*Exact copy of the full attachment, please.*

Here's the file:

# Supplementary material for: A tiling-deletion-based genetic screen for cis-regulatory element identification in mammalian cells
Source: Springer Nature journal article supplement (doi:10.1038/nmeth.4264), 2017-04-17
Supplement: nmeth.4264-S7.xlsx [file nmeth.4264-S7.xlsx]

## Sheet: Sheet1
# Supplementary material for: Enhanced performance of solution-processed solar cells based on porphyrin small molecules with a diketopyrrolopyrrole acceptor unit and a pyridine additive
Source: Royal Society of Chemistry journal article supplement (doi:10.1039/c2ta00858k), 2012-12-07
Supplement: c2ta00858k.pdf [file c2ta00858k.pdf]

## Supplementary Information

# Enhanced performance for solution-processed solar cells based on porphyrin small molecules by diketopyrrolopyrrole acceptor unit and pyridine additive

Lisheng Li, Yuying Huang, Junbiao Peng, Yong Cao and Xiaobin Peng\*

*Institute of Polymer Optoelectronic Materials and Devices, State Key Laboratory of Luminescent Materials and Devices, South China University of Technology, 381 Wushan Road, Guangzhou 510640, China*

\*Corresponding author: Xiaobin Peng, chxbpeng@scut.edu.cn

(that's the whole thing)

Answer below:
# Supplementary material for: A tiling-deletion-based genetic screen for cis-regulatory element identification in mammalian cells
Source: Springer Nature journal article supplement (doi:10.1038/nmeth.4264), 2017-04-17
Supplement: nmeth.4264-S7.xlsx [file nmeth.4264-S7.xlsx]

## Sheet: Sheet1
# Supplementary material for: Enhanced performance of solution-processed solar cells based on porphyrin small molecules with a diketopyrrolopyrrole acceptor unit and a pyridine additive
Source: Royal Society of Chemistry journal article supplement (doi:10.1039/c2ta00858k), 2012-12-07
Supplement: c2ta00858k.pdf [file c2ta00858k.pdf]

## Supplementary Information

# Enhanced performance for solution-processed solar cells based on porphyrin small molecules by diketopyrrolopyrrole acceptor unit and pyridine additive

Lisheng Li, Yuying Huang, Junbiao Peng, Yong Cao and Xiaobin Peng\*

*Institute of Polymer Optoelectronic Materials and Devices, State Key Laboratory of Luminescent Materials and Devices, South China University of Technology, 381 Wushan Road, Guangzhou 510640, China*

\*Corresponding author: Xiaobin Peng, chxbpeng@scut.edu.cn